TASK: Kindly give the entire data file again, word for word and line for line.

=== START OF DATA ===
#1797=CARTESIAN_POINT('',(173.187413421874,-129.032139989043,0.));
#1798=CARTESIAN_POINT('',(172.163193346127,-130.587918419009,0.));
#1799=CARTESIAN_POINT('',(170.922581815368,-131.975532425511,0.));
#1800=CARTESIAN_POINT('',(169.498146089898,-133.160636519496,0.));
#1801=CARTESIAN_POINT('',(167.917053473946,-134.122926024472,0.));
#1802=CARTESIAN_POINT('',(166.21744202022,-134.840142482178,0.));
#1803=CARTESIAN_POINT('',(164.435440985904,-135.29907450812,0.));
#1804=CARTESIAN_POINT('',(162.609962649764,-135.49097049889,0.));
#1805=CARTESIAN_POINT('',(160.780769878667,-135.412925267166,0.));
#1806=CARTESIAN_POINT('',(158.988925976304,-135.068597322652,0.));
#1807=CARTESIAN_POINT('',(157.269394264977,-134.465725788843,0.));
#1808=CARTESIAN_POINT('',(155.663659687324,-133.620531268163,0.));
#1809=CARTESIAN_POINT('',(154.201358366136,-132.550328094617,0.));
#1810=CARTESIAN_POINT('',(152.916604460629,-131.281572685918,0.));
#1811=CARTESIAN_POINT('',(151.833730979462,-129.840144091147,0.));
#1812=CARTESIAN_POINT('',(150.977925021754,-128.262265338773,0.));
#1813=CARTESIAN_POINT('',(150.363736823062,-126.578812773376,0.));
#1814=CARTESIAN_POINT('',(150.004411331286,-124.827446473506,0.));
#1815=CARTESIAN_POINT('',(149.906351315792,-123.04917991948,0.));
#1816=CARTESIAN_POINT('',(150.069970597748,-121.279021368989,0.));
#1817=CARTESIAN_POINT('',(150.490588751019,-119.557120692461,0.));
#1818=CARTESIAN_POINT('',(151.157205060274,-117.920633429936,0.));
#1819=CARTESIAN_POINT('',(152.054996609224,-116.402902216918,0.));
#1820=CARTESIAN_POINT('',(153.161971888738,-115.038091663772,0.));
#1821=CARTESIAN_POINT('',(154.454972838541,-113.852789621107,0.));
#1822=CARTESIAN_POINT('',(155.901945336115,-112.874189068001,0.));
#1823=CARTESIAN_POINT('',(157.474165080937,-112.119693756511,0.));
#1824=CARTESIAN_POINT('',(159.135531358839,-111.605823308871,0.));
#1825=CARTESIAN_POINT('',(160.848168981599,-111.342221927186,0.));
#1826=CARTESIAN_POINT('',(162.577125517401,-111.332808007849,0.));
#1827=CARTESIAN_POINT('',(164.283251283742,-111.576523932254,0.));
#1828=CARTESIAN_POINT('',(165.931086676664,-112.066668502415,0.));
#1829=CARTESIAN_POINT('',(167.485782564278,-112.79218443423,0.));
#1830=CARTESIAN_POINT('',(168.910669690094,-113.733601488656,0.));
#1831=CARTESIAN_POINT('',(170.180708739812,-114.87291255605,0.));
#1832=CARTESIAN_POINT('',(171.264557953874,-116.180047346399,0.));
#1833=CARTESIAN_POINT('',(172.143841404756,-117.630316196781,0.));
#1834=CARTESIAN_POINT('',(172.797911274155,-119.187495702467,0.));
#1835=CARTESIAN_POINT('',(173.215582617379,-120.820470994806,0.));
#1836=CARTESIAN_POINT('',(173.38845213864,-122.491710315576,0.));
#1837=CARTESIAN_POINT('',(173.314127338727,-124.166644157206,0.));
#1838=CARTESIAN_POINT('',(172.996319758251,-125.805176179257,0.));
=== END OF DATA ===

#1797=CARTESIAN_POINT('',(173.187413421874,-129.032139989043,0.));
#1798=CARTESIAN_POINT('',(172.163193346127,-130.587918419009,0.));
#1799=CARTESIAN_POINT('',(170.922581815368,-131.975532425511,0.));
#1800=CARTESIAN_POINT('',(169.498146089898,-133.160636519496,0.));
#1801=CARTESIAN_POINT('',(167.917053473946,-134.122926024472,0.));
#1802=CARTESIAN_POINT('',(166.21744202022,-134.840142482178,0.));
#1803=CARTESIAN_POINT('',(164.435440985904,-135.29907450812,0.));
#1804=CARTESIAN_POINT('',(162.609962649764,-135.49097049889,0.));
#1805=CARTESIAN_POINT('',(160.780769878667,-135.412925267166,0.));
#1806=CARTESIAN_POINT('',(158.988925976304,-135.068597322652,0.));
#1807=CARTESIAN_POINT('',(157.269394264977,-134.465725788843,0.));
#1808=CARTESIAN_POINT('',(155.663659687324,-133.620531268163,0.));
#1809=CARTESIAN_POINT('',(154.201358366136,-132.550328094617,0.));
#1810=CARTESIAN_POINT('',(152.916604460629,-131.281572685918,0.));
#1811=CARTESIAN_POINT('',(151.833730979462,-129.840144091147,0.));
#1812=CARTESIAN_POINT('',(150.977925021754,-128.262265338773,0.));
#1813=CARTESIAN_POINT('',(150.363736823062,-126.578812773376,0.));
#1814=CARTESIAN_POINT('',(150.004411331286,-124.827446473506,0.));
#1815=CARTESIAN_POINT('',(149.906351315792,-123.04917991948,0.));
#1816=CARTESIAN_POINT('',(150.069970597748,-121.279021368989,0.));
#1817=CARTESIAN_POINT('',(150.490588751019,-119.557120692461,0.));
#1818=CARTESIAN_POINT('',(151.157205060274,-117.920633429936,0.));
#1819=CARTESIAN_POINT('',(152.054996609224,-116.402902216918,0.));
#1820=CARTESIAN_POINT('',(153.161971888738,-115.038091663772,0.));
#1821=CARTESIAN_POINT('',(154.454972838541,-113.852789621107,0.));
#1822=CARTESIAN_POINT('',(155.901945336115,-112.874189068001,0.));
#1823=CARTESIAN_POINT('',(157.474165080937,-112.119693756511,0.));
#1824=CARTESIAN_POINT('',(159.135531358839,-111.605823308871,0.));
#1825=CARTESIAN_POINT('',(160.848168981599,-111.342221927186,0.));
#1826=CARTESIAN_POINT('',(162.577125517401,-111.332808007849,0.));
#1827=CARTESIAN_POINT('',(164.283251283742,-111.576523932254,0.));
#1828=CARTESIAN_POINT('',(165.931086676664,-112.066668502415,0.));
#1829=CARTESIAN_POINT('',(167.485782564278,-112.79218443423,0.));
#1830=CARTESIAN_POINT('',(168.910669690094,-113.733601488656,0.));
#1831=CARTESIAN_POINT('',(170.180708739812,-114.87291255605,0.));
#1832=CARTESIAN_POINT('',(171.264557953874,-116.180047346399,0.));
#1833=CARTESIAN_POINT('',(172.143841404756,-117.630316196781,0.));
#1834=CARTESIAN_POINT('',(172.797911274155,-119.187495702467,0.));
#1835=CARTESIAN_POINT('',(173.215582617379,-120.820470994806,0.));
#1836=CARTESIAN_POINT('',(173.38845213864,-122.491710315576,0.));
#1837=CARTESIAN_POINT('',(173.314127338727,-124.166644157206,0.));
#1838=CARTESIAN_POINT('',(172.996319758251,-125.805176179257,0.));